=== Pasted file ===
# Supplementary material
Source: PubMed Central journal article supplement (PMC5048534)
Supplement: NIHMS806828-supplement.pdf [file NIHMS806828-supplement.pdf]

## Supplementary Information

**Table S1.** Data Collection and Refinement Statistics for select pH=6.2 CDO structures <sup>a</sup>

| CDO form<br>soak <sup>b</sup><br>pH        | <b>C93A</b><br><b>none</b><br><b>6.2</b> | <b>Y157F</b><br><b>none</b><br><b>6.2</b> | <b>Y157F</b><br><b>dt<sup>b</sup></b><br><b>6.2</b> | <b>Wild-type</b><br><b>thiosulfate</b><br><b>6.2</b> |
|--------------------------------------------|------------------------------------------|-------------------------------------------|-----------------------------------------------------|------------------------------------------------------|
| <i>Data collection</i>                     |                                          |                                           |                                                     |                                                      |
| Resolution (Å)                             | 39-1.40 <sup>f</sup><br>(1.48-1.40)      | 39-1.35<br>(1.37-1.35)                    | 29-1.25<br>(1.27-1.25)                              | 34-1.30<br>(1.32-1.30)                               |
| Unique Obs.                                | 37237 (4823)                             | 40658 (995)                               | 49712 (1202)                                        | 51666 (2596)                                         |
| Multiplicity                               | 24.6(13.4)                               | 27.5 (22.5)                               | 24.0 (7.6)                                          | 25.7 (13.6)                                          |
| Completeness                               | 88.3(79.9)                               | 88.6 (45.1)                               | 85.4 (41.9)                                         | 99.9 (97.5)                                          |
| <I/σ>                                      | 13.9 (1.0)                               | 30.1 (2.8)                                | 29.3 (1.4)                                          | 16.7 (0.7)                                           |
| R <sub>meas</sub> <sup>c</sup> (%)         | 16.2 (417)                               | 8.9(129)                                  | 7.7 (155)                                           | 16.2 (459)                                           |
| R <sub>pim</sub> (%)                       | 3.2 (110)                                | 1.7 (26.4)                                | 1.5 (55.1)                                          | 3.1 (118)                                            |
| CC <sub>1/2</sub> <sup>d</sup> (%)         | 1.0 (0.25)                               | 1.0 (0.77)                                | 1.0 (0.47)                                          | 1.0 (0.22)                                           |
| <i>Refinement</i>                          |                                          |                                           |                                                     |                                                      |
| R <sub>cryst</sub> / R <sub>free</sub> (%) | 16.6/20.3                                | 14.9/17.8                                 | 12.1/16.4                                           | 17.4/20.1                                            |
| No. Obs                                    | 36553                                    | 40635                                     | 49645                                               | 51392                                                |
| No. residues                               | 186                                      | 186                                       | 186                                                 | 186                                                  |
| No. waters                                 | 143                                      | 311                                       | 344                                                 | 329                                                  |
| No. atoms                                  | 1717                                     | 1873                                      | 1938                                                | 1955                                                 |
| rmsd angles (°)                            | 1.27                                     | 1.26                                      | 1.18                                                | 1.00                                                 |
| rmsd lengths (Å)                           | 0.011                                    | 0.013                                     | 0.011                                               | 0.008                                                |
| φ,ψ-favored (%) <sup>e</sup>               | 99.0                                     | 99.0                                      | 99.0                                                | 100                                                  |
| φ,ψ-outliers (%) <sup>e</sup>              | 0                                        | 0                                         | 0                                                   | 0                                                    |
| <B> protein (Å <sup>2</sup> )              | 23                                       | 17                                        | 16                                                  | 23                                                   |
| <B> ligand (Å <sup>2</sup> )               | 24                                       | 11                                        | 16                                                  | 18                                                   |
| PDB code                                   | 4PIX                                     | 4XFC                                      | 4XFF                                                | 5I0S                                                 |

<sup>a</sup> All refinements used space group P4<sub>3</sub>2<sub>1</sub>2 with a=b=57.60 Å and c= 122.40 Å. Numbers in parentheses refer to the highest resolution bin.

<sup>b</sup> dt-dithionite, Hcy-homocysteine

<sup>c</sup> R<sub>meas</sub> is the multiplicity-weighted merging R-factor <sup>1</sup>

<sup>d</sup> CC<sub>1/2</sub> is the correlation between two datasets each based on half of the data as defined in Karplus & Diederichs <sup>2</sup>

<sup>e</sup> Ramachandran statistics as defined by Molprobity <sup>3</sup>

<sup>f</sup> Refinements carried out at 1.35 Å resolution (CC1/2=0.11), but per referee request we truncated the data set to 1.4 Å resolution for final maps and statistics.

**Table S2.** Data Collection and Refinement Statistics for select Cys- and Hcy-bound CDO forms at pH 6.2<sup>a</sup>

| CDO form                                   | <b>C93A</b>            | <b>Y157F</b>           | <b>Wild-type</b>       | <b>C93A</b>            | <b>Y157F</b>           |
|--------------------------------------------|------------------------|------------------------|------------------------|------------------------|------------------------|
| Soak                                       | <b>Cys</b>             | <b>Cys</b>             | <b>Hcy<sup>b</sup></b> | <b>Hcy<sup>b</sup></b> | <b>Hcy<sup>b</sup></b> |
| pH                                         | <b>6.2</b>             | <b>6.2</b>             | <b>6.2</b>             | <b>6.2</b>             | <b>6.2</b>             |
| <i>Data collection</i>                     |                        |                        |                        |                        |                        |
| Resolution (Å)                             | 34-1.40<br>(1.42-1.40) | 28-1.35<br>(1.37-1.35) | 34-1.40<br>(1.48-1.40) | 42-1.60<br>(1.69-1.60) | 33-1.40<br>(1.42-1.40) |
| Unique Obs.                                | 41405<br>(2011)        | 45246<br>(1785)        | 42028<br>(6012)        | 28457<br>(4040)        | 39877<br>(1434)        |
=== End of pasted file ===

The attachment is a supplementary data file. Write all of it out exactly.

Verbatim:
# Supplementary material
Source: PubMed Central journal article supplement (PMC5048534)
Supplement: NIHMS806828-supplement.pdf [file NIHMS806828-supplement.pdf]

## Supplementary Information

**Table S1.** Data Collection and Refinement Statistics for select pH=6.2 CDO structures <sup>a</sup>

| CDO form<br>soak <sup>b</sup><br>pH        | <b>C93A</b><br><b>none</b><br><b>6.2</b> | <b>Y157F</b><br><b>none</b><br><b>6.2</b> | <b>Y157F</b><br><b>dt<sup>b</sup></b><br><b>6.2</b> | <b>Wild-type</b><br><b>thiosulfate</b><br><b>6.2</b> |
|--------------------------------------------|------------------------------------------|-------------------------------------------|-----------------------------------------------------|------------------------------------------------------|
| <i>Data collection</i>                     |                                          |                                           |                                                     |                                                      |
| Resolution (Å)                             | 39-1.40 <sup>f</sup><br>(1.48-1.40)      | 39-1.35<br>(1.37-1.35)                    | 29-1.25<br>(1.27-1.25)                              | 34-1.30<br>(1.32-1.30)                               |
| Unique Obs.                                | 37237 (4823)                             | 40658 (995)                               | 49712 (1202)                                        | 51666 (2596)                                         |
| Multiplicity                               | 24.6(13.4)                               | 27.5 (22.5)                               | 24.0 (7.6)                                          | 25.7 (13.6)                                          |
| Completeness                               | 88.3(79.9)                               | 88.6 (45.1)                               | 85.4 (41.9)                                         | 99.9 (97.5)                                          |
| <I/σ>                                      | 13.9 (1.0)                               | 30.1 (2.8)                                | 29.3 (1.4)                                          | 16.7 (0.7)                                           |
| R <sub>meas</sub> <sup>c</sup> (%)         | 16.2 (417)                               | 8.9(129)                                  | 7.7 (155)                                           | 16.2 (459)                                           |
| R <sub>pim</sub> (%)                       | 3.2 (110)                                | 1.7 (26.4)                                | 1.5 (55.1)                                          | 3.1 (118)                                            |
| CC <sub>1/2</sub> <sup>d</sup> (%)         | 1.0 (0.25)                               | 1.0 (0.77)                                | 1.0 (0.47)                                          | 1.0 (0.22)                                           |
| <i>Refinement</i>                          |                                          |                                           |                                                     |                                                      |
| R <sub>cryst</sub> / R <sub>free</sub> (%) | 16.6/20.3                                | 14.9/17.8                                 | 12.1/16.4                                           | 17.4/20.1                                            |
| No. Obs                                    | 36553                                    | 40635                                     | 49645                                               | 51392                                                |
| No. residues                               | 186                                      | 186                                       | 186                                                 | 186                                                  |
| No. waters                                 | 143                                      | 311                                       | 344                                                 | 329                                                  |
| No. atoms                                  | 1717                                     | 1873                                      | 1938                                                | 1955                                                 |
| rmsd angles (°)                            | 1.27                                     | 1.26                                      | 1.18                                                | 1.00                                                 |
| rmsd lengths (Å)                           | 0.011                                    | 0.013                                     | 0.011                                               | 0.008                                                |
| φ,ψ-favored (%) <sup>e</sup>               | 99.0                                     | 99.0                                      | 99.0                                                | 100                                                  |
| φ,ψ-outliers (%) <sup>e</sup>              | 0                                        | 0                                         | 0                                                   | 0                                                    |
| <B> protein (Å <sup>2</sup> )              | 23                                       | 17                                        | 16                                                  | 23                                                   |
| <B> ligand (Å <sup>2</sup> )               | 24                                       | 11                                        | 16                                                  | 18                                                   |
| PDB code                                   | 4PIX                                     | 4XFC                                      | 4XFF                                                | 5I0S                                                 |

<sup>a</sup> All refinements used space group P4<sub>3</sub>2<sub>1</sub>2 with a=b=57.60 Å and c= 122.40 Å. Numbers in parentheses refer to the highest resolution bin.

<sup>b</sup> dt-dithionite, Hcy-homocysteine

<sup>c</sup> R<sub>meas</sub> is the multiplicity-weighted merging R-factor <sup>1</sup>

<sup>d</sup> CC<sub>1/2</sub> is the correlation between two datasets each based on half of the data as defined in Karplus & Diederichs <sup>2</sup>

<sup>e</sup> Ramachandran statistics as defined by Molprobity <sup>3</sup>

<sup>f</sup> Refinements carried out at 1.35 Å resolution (CC1/2=0.11), but per referee request we truncated the data set to 1.4 Å resolution for final maps and statistics.

**Table S2.** Data Collection and Refinement Statistics for select Cys- and Hcy-bound CDO forms at pH 6.2<sup>a</sup>

| CDO form                                   | <b>C93A</b>            | <b>Y157F</b>           | <b>Wild-type</b>       | <b>C93A</b>            | <b>Y157F</b>           |
|--------------------------------------------|------------------------|------------------------|------------------------|------------------------|------------------------|
| Soak                                       | <b>Cys</b>             | <b>Cys</b>             | <b>Hcy<sup>b</sup></b> | <b>Hcy<sup>b</sup></b> | <b>Hcy<sup>b</sup></b> |
| pH                                         | <b>6.2</b>             | <b>6.2</b>             | <b>6.2</b>             | <b>6.2</b>             | <b>6.2</b>             |
| <i>Data collection</i>                     |                        |                        |                        |                        |                        |
| Resolution (Å)                             | 34-1.40<br>(1.42-1.40) | 28-1.35<br>(1.37-1.35) | 34-1.40<br>(1.48-1.40) | 42-1.60<br>(1.69-1.60) | 33-1.40<br>(1.42-1.40) |
| Unique Obs.                                | 41405<br>(2011)        | 45246<br>(1785)        | 42028<br>(6012)        | 28457<br>(4040)        | 39877<br>(1434)        |